Every runner starts with an 800m warm up and ends with an 800m cool down.
Group 1 - all repeats are at race pace
- 2 x 400
- 2 x 800
- 2 x 1200
- 2 x 400
The athlete starts his next repeat when his heart rate falls below 120 in order to give him time for a more complete recovery. This is a passive recovery time. If he is not within 2 seconds of his split time on the first set of 400’s then he continues to do 400’s until he can nail that pace.
Group 2 - The second group is working on maintaining intensity at their new 5K pace.
2 x 2000m at race pace - Recovery=800m split time
This workout lasts about the same amount of time as it should take the athlete to run 4800 meters but there is a break thrown in there for recovery. This is not a workout that I normally recommend the day before a race but the runner showed up and found that others were racing tomorrow and decided he wanted to race as well but also wanted to do this workout.
We closed out the session by doing 100m repeats for form. A camera is very helpful to be able to show the athlete where he can improve.
Posted on June 5th, 2009 No comments
- 800 m Warm-up
- 6 x 200, 100 recovery
- 6 x 300, 200 R
- 5 x 400, 300 R
- 800 m cool down
Each athlete ran between 15 and 25 seconds faster than their 5K pace. The intensity of the workout strengthens the runner, making him or her faster. Stamina at speed is built by the amount of time each athlete runs at speed. When the runner can complete the workout at the proscribed pace, they run the next workout (in two weeks) at a faster pace.
Posted on May 29th, 2009 No comments
One athlete on the track this morning. Even though I have five runners who regularly do track workouts, only one was able to be there this morning. That’s good for him because he gets my full attention for an hour.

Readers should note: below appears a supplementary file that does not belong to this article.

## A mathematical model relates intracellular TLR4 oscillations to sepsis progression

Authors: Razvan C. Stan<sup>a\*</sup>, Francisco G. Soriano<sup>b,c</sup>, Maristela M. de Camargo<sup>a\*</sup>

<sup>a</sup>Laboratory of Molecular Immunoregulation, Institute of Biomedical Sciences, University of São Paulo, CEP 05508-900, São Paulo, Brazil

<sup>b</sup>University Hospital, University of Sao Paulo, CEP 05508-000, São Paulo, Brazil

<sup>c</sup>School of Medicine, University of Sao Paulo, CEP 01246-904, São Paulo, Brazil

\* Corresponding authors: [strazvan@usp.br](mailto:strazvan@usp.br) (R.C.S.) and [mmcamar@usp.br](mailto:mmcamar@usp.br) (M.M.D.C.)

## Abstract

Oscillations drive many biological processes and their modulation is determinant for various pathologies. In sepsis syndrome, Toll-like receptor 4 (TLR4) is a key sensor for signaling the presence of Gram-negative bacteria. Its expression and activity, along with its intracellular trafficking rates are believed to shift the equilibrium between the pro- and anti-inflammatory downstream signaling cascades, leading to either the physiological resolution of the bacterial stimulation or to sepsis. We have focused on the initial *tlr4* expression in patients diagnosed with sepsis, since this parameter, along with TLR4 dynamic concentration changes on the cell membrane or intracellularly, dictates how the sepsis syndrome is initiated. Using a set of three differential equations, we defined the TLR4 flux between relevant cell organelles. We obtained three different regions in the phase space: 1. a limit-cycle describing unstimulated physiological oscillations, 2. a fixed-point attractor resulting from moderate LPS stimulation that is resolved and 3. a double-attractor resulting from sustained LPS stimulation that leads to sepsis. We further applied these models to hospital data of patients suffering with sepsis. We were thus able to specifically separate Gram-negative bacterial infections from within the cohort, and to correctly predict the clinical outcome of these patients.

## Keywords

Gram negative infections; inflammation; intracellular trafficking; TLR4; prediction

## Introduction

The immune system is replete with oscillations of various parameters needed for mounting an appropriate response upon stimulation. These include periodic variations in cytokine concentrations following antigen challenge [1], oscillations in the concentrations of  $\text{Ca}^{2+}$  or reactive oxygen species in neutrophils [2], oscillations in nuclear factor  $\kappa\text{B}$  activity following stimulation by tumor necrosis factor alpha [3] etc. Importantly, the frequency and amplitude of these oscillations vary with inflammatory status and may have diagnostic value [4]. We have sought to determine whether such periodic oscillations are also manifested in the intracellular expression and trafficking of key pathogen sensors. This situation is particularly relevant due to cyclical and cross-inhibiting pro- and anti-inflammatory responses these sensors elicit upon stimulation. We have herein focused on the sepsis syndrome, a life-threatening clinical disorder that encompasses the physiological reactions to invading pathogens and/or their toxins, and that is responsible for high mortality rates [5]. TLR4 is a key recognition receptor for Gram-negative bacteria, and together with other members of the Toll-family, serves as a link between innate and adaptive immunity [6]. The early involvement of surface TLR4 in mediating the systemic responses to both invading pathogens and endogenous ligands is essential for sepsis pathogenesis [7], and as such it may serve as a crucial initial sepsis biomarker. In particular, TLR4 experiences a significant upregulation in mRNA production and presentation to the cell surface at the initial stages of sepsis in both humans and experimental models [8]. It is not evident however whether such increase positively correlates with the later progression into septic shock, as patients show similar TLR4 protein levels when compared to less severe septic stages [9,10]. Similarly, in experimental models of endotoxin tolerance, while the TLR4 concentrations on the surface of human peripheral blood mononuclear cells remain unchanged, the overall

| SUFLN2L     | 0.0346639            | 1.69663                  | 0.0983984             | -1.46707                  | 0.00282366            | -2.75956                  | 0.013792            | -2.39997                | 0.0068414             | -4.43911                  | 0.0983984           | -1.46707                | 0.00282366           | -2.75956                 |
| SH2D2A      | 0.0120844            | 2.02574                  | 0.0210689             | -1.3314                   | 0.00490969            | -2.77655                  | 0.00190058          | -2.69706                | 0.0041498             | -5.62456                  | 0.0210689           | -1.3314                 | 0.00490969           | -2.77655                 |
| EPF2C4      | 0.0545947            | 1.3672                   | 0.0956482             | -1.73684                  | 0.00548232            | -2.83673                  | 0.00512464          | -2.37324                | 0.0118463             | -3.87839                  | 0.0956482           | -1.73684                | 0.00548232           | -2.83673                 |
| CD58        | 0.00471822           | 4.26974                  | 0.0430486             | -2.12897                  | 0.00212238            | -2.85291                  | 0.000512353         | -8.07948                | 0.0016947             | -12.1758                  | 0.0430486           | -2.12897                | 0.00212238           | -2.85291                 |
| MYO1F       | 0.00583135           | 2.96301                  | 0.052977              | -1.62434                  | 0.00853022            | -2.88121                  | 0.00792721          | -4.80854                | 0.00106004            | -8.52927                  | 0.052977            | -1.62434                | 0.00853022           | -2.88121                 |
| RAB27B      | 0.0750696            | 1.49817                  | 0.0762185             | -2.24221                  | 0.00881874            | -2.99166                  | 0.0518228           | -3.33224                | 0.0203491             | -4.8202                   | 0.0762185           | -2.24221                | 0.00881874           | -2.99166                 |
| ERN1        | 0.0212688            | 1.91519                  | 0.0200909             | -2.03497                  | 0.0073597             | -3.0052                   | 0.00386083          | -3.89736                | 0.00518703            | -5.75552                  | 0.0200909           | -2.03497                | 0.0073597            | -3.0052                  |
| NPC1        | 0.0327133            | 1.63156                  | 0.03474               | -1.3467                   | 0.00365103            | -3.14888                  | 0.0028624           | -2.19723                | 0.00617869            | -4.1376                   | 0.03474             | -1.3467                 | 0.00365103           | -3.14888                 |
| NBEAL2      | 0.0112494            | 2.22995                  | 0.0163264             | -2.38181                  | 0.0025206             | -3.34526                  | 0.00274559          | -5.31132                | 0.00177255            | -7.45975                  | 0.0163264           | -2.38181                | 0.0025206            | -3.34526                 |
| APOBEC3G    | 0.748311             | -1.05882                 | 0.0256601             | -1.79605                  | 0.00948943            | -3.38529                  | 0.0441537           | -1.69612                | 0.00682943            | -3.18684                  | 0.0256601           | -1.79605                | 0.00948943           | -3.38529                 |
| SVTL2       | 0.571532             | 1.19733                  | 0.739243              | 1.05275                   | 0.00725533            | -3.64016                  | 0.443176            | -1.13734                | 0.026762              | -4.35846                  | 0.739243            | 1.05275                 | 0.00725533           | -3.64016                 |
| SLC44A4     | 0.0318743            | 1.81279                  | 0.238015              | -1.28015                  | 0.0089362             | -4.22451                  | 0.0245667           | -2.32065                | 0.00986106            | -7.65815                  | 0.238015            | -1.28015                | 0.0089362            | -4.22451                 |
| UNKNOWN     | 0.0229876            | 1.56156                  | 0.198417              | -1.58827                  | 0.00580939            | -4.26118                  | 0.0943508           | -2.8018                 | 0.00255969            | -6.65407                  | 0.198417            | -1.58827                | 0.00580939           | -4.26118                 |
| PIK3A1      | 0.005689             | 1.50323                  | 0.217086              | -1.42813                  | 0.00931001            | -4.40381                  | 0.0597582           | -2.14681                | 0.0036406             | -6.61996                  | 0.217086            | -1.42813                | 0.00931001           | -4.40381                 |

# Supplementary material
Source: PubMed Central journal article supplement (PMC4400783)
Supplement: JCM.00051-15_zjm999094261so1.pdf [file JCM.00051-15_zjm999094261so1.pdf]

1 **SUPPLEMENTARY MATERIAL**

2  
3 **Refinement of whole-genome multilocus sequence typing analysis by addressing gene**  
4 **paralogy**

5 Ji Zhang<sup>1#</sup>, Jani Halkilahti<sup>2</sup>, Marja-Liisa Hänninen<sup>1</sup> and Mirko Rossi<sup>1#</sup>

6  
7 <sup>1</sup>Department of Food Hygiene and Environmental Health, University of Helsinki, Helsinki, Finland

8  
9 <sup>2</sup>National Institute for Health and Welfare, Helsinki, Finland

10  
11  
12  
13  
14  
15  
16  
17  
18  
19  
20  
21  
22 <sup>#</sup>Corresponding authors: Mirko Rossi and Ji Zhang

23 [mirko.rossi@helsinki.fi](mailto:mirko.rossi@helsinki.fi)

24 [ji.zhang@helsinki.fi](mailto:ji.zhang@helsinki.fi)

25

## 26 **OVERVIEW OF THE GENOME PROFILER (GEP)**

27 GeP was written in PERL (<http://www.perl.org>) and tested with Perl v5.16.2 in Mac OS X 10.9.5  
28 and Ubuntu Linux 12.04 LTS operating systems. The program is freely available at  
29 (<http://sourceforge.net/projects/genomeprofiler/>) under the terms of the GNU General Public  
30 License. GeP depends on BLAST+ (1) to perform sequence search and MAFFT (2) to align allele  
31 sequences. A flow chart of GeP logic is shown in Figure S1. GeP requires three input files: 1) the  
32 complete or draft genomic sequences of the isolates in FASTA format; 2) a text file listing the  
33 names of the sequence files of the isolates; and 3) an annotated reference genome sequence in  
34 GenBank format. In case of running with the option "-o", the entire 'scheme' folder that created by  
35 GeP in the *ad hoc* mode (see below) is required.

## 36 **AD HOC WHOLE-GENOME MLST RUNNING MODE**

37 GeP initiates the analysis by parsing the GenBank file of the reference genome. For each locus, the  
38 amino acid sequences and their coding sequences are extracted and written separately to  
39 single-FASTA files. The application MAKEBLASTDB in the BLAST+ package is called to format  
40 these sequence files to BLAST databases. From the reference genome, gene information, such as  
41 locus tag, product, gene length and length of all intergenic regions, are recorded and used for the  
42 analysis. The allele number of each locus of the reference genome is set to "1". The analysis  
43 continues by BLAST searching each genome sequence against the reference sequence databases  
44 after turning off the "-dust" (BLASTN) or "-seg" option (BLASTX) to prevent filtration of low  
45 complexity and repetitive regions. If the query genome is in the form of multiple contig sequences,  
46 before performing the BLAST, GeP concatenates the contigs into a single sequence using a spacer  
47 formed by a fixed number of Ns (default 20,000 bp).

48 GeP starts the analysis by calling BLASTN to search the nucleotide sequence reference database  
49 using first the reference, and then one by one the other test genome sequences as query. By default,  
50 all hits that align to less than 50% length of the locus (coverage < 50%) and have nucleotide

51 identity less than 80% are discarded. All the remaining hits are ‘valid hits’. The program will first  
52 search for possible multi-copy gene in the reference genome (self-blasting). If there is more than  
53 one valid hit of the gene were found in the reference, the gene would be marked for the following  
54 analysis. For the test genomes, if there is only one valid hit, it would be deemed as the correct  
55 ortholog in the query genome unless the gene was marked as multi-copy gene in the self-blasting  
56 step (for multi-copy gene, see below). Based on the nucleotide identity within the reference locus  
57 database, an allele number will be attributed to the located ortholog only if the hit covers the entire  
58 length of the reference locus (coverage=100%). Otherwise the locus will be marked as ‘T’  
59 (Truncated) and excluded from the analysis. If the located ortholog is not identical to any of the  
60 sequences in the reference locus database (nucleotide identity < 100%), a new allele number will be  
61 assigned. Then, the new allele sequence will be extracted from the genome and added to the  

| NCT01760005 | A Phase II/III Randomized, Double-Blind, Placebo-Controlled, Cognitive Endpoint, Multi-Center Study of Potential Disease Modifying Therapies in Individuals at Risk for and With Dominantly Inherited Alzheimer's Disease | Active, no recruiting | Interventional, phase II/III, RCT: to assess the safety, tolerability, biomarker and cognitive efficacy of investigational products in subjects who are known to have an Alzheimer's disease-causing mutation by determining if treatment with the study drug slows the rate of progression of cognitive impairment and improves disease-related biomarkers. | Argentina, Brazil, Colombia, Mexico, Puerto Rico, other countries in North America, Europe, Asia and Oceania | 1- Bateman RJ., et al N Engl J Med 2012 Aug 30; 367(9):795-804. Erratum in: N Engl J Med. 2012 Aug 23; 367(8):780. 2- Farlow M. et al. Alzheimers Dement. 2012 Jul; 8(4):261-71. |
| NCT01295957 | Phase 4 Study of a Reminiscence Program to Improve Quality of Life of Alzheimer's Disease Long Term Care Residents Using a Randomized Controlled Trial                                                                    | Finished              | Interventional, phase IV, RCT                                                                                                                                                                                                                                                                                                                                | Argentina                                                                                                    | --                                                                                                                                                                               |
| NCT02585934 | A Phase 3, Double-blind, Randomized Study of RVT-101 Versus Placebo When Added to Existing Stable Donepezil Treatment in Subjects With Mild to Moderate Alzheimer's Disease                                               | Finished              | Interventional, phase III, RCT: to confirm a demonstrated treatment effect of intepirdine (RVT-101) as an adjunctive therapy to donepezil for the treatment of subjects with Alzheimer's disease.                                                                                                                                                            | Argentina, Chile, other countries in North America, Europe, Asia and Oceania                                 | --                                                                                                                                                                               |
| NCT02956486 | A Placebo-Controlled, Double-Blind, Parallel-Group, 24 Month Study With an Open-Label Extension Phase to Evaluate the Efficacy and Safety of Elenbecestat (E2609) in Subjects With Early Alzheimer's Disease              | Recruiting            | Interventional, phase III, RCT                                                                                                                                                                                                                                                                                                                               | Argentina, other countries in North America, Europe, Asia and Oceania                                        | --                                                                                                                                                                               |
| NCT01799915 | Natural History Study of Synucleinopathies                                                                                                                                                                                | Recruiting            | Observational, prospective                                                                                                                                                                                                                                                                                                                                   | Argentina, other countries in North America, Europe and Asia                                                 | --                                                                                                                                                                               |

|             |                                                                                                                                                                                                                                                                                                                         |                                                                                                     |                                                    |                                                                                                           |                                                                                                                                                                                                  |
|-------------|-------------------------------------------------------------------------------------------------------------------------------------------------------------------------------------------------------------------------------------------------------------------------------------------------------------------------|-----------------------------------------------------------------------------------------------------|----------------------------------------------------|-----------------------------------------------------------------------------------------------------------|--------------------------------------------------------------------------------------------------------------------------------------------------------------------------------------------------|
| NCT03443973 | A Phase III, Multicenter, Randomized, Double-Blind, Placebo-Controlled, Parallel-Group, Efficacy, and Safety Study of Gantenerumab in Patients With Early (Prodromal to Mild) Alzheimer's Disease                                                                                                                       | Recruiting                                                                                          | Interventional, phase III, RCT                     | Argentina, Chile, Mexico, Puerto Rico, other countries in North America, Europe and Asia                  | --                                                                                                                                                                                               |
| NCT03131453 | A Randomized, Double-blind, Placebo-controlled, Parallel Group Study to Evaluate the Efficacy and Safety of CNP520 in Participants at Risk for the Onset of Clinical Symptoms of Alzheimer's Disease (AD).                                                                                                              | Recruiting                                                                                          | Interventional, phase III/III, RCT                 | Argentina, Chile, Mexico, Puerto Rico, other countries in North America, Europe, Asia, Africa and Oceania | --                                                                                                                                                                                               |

Today’s workout was to dial in the pace for tomorrow evening’s 5K.
- 800m warm-up
- 2 x 400 m
- 2 x 800 m
- 2 x 1200 m
- 2 x 400 m
- 800 m cool down
- Recovery - HR<120
All of the repeats were done at race pace. The athlete was able to hit his pace until he got to the 1200 repeats. At first I thought it was because I had him running too fast but he was immediately able to nail his pace for the last two repeats. I think it had more to do with the mental part of it. We do these drills so that we learn to listen to what our body is saying. The runners needs to listen to the body and remember what that pace feels like. He needs to feel the slow accumulation of lactate in his legs. He needs to feel what the breathing feels like. The runner must gain a sense of what the body goes through when it’s being pushed to the brink of failure.
Run at the red line and then beyond when racing a 5K.
Posted on May 22nd, 2009 No comments
This is a track workout that is good for almost every runner. One size never fits all and anybody just starting with track workouts should approach things cautiously. All of the Charleston Runs athletes doing this workout have been running consistently for at least two years and have been racing for at least one year.
I start every athlete at a pace that is 15 seconds per mile faster than their 5K pace. As runners get used to this workout, I speed up their workout in subsequent weeks.